In K.A. Applegate’s first Animorphs book — The Invasion — sets up the basic information for the series. In the 184 pages, 27 chapter, easy and fun book to read, we learn a fair amount about our five protagonists: Jake, Cassie, Marco, Rachel, and Tobias.
Animorphs: The Invasion is narrated by Jake. Jake starts out with telling us that all he can tell us his is first name, the first names of his other friends, and that’s it for personal information. We don’t know what town they live. But we do know that they are in middle school.
Jake also uses a past tense tone in the first chapter, even though he put words in past tense, when he first starts out. But as he continues, he moves into a present tense tone as we get into the thick of things about Andalites, Yeerks, and the very basic set up the Andalites verse the Yeerks war that has traveled from a distant planet to right here on Earth.
We also learn that these five 13 or 14 year-olds are giving the ability to morph into animals. Quickly, we learn how Tobias is the only one that is completely fine with everything, while Jake and Marco both just want this to be a nightmare. There really isn’t much reveled about how the two girls react on Friday night when the five of them head back home through the abandoned construction site that Jake, as far as we are told, is the only one that isn’t allowed to walk through there.
As the story unfolds in this book, we learn that Jake’s brother Tom is acting weird and why, even though Jake doesn’t want to believe the why at first and how Jake really feels about Cassie.
We find out that Marco’s dad is barely keeping it together after Marco’s mom mysteriously dies at a lake, even though no body was found, and that this is a part of the reason why Marco is reluctant to fight this war. We can presume to a degree that Marco is Hispanic based on the book covers in the series. Marco also came up with the name Animorphs, which is a portmanteau of “animal morphers.
Tobias’ story is somewhat even sadder. He never knew either of his parents and the aunt and uncle who have raised him have sent him back and forth between his aunt’s place on the east coast and his uncle’s place.
Cassie is the only African-American of the group and is described by Jake as being an animal love, in part because both of her parents are veterinarians.
Not much was reveled about Rachel other than the fact that she is Jake’s cousin.
During the course of four, possibly five days, that this book covers, Applegate does seem to do a pretty good job at setting up a story with plenty of story arches and plot lines.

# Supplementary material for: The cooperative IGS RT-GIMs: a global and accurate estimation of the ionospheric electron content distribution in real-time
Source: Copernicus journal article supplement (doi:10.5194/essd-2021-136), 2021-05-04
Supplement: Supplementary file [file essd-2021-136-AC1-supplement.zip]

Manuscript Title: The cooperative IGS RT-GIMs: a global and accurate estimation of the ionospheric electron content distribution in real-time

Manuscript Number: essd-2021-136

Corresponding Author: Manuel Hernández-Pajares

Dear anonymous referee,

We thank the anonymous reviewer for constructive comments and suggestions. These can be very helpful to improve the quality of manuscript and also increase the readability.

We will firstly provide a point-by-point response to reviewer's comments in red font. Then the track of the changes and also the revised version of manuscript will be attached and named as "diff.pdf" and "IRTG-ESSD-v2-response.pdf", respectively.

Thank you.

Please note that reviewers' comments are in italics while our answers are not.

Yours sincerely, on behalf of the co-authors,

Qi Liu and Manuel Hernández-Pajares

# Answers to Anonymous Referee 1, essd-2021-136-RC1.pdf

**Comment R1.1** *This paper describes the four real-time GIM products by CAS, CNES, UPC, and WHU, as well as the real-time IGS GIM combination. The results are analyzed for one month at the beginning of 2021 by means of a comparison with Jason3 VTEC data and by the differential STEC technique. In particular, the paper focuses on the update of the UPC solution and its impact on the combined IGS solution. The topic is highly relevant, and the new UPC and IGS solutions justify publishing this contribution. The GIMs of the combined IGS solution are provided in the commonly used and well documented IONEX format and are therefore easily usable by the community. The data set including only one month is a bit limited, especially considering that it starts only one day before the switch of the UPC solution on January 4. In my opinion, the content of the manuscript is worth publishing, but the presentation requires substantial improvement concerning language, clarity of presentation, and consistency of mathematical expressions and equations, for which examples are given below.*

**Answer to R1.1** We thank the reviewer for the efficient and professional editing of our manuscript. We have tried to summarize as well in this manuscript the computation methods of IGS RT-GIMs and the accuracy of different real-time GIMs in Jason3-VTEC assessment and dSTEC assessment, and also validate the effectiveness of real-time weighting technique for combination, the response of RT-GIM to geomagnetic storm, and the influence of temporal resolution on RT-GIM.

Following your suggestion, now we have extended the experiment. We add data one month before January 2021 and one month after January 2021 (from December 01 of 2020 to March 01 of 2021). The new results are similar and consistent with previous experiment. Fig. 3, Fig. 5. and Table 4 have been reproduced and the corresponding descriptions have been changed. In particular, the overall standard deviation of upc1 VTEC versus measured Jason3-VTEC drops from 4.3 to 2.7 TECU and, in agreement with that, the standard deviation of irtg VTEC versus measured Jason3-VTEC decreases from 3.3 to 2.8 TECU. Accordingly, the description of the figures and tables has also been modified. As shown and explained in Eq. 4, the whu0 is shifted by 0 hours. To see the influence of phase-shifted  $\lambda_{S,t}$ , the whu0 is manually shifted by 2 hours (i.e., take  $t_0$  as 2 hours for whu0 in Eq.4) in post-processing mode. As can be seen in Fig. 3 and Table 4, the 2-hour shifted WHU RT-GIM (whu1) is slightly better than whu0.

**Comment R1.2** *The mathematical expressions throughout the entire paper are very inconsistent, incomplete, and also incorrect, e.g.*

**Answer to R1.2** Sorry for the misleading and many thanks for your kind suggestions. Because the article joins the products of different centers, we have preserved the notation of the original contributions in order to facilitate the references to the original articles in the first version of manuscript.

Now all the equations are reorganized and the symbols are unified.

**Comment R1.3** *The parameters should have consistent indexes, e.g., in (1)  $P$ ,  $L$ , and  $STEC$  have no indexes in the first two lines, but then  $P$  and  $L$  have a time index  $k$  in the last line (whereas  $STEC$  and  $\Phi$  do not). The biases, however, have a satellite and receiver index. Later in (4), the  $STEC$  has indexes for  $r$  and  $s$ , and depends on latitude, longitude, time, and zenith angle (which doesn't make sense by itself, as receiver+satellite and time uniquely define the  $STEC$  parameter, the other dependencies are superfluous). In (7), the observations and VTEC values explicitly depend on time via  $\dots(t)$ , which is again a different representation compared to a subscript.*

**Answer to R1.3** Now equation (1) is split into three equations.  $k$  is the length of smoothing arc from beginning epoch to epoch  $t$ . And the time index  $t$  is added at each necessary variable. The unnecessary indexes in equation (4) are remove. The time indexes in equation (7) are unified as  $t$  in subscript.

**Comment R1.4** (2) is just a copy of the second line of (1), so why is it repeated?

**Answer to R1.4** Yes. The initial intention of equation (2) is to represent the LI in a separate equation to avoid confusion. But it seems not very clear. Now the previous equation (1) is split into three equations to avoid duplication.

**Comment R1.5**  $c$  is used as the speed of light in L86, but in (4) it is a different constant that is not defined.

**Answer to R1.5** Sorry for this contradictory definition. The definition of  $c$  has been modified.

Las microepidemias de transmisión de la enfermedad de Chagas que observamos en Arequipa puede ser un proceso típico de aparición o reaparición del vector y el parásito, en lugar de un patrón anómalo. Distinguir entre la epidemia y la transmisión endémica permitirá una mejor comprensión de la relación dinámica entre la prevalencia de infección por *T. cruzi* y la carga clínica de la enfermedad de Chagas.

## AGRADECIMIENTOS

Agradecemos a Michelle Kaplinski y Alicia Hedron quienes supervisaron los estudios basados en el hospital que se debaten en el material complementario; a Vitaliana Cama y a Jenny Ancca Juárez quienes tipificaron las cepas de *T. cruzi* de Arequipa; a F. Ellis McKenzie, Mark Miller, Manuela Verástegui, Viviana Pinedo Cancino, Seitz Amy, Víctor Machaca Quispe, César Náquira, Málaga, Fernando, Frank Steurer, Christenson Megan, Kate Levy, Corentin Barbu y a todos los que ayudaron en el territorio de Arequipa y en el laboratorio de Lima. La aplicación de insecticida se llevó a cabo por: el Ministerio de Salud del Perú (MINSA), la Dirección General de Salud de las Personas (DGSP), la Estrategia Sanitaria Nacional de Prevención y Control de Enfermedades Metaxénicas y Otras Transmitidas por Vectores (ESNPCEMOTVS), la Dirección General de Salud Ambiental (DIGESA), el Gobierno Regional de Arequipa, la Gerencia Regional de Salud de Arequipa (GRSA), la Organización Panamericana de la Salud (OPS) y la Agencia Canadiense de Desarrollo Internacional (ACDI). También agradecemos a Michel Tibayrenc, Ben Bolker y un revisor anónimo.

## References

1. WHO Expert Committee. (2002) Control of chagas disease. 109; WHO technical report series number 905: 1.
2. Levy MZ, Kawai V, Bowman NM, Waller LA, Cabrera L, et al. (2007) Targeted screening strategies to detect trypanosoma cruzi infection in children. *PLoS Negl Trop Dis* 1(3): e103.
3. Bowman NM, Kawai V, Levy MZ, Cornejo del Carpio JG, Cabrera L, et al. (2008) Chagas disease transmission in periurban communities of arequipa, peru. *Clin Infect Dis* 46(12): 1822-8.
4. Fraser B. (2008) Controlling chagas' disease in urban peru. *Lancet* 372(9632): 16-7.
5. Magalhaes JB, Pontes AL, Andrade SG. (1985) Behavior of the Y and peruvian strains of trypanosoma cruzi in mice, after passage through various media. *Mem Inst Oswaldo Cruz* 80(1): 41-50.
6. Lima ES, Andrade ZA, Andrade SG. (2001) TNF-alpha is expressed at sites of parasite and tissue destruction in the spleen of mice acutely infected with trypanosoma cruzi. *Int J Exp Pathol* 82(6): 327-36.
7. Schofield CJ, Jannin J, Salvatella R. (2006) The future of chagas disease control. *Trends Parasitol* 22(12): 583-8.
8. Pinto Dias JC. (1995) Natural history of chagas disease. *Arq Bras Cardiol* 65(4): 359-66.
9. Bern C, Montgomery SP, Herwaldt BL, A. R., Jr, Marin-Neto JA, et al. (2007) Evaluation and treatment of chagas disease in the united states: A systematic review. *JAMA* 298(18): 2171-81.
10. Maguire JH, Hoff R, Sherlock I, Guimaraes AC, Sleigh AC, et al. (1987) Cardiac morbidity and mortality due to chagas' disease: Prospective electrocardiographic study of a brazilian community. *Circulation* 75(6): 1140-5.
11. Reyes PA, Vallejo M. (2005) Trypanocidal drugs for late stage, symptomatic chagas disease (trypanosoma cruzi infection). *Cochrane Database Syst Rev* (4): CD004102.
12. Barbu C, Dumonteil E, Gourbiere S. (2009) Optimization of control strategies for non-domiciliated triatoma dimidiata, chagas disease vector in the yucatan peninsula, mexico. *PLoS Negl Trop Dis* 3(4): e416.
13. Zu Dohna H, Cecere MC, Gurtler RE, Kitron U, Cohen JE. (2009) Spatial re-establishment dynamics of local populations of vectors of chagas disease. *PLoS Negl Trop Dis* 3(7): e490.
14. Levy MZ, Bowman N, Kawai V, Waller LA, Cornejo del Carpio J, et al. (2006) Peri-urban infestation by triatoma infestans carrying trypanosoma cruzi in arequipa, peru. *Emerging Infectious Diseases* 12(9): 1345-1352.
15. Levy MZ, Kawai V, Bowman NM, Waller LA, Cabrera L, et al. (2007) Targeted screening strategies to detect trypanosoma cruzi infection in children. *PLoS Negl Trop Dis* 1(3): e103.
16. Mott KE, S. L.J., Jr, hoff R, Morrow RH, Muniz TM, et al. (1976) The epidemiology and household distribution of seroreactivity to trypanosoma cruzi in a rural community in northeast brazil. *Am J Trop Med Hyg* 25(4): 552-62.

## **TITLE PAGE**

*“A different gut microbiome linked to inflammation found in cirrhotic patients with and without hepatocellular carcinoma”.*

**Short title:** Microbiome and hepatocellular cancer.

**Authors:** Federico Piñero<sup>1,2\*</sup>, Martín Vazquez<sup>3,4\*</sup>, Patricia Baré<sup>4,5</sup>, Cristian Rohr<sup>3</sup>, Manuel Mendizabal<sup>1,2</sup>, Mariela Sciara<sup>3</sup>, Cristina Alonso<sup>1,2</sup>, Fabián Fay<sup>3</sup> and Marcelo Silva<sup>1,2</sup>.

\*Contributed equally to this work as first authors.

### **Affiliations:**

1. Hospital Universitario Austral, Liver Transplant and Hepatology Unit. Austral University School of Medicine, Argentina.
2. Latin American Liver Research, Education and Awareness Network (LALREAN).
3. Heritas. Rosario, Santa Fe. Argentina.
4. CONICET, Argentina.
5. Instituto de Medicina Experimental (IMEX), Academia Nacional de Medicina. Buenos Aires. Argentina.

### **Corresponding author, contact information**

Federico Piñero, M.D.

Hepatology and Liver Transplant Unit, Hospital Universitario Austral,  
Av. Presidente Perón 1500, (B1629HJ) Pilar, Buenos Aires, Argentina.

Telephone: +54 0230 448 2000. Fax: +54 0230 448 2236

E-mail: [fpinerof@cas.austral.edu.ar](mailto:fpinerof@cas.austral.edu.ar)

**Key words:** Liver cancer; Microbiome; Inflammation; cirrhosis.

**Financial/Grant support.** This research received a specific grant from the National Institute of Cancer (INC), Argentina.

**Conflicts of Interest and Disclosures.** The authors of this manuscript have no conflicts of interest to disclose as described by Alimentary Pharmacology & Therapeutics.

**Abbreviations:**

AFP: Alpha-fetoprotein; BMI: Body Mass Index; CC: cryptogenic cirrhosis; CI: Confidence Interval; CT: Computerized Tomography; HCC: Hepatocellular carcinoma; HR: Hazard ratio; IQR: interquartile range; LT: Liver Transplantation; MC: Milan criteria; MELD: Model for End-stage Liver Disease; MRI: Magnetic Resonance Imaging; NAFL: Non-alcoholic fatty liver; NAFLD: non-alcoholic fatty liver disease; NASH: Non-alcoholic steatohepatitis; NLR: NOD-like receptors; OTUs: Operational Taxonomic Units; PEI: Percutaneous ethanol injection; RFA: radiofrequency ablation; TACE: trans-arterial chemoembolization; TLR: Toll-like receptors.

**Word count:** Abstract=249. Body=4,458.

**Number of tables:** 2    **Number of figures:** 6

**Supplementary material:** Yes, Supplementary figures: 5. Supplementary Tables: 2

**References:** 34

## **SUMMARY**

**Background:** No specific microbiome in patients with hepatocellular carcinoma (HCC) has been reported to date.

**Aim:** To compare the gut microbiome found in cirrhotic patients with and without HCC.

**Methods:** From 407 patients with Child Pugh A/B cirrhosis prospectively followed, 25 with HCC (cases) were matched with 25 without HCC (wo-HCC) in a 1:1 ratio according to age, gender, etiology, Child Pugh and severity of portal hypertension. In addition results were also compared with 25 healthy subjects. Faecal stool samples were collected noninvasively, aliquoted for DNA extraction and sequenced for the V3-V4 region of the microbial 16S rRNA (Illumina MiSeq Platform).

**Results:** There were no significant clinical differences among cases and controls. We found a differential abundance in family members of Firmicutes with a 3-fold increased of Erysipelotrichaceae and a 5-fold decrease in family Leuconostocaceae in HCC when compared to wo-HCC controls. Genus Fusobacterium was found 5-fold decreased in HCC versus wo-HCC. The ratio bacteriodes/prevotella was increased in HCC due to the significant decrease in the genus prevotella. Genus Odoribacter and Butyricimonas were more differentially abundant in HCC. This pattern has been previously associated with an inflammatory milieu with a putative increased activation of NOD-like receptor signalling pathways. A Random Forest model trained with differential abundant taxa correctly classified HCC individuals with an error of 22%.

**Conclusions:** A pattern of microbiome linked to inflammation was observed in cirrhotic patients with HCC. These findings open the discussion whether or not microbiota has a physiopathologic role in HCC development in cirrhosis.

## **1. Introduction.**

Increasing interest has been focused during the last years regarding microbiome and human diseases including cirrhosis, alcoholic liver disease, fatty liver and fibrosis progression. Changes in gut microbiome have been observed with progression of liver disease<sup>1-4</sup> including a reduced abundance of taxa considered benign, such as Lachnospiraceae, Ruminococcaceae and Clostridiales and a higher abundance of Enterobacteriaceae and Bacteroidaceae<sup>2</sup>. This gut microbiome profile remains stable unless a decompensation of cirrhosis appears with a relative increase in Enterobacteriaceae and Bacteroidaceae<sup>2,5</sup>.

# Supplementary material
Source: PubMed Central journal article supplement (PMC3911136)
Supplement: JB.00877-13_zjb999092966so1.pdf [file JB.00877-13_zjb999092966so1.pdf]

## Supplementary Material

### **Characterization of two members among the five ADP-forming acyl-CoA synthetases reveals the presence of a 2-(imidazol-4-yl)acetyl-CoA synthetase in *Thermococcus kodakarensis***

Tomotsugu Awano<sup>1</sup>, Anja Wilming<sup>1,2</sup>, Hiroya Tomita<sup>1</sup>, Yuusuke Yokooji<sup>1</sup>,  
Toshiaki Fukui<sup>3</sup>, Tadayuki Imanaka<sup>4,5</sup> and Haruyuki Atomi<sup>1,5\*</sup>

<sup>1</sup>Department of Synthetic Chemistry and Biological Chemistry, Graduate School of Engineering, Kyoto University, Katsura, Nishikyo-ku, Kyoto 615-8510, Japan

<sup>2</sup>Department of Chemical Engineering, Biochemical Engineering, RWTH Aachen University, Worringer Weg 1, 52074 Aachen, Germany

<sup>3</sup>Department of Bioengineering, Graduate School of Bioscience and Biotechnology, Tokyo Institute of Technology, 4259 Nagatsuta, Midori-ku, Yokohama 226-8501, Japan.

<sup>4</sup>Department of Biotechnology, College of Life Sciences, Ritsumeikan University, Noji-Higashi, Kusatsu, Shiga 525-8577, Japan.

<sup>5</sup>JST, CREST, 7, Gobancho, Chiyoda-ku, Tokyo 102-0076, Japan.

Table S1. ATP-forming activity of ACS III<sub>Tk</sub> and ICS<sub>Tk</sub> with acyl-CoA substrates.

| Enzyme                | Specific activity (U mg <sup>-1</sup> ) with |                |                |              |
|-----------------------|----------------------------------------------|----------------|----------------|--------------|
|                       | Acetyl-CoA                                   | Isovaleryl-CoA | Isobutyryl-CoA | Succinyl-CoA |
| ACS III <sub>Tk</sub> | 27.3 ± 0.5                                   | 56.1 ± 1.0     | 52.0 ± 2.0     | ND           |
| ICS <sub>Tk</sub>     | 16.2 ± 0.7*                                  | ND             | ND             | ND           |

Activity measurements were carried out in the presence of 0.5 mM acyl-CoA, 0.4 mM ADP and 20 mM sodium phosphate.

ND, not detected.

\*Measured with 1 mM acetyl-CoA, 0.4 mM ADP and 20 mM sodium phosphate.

For a book that is written for young adults that is the start of a 54 books that are directory in the story arc and several supporting books that help the story line, it is a great start.
One line that Applegate wrote really well that made me laugh was
“‘Creepy’ Rachel said. “Like if you took cheerleaders, combined them with gym teachers, and made them all drink ten cups of coffee.'”
When I first read that, I laughed at the description. Granted, I had read this book and the other ones in the series about 10 years or so ago. So it wasn’t the first time I read this book, but the fact that after all of this time that it was funny when I first read it this time attests to how Applegate was able to write a book that is both good for someone in the designated age group and that big kid at heart.
All though we aren’t told a direct location of the town, I believe that since we’re given information about Tobias’ aunt and the feel that his family doesn’t have a load of money for his aunt and uncle to ship him across the country. More than likely then, the location is then somewhere near the east coast.
Also, from the tone of this book and what we are given for information about what’s in the town and surrounding areas, this is probably a rural town.
Even though the setting of what town this is, it is still a fun trying to piece that together because it is a slight mystery that is fun attempting to solve.
One thing I don’t get about how the Animorphs conduct attempting to keep their identities a secret is why they are using their first names. The reason why this is something I bring up is that possibly I’m reading this book from an adult’s perspective instead of a young adult’s perspective.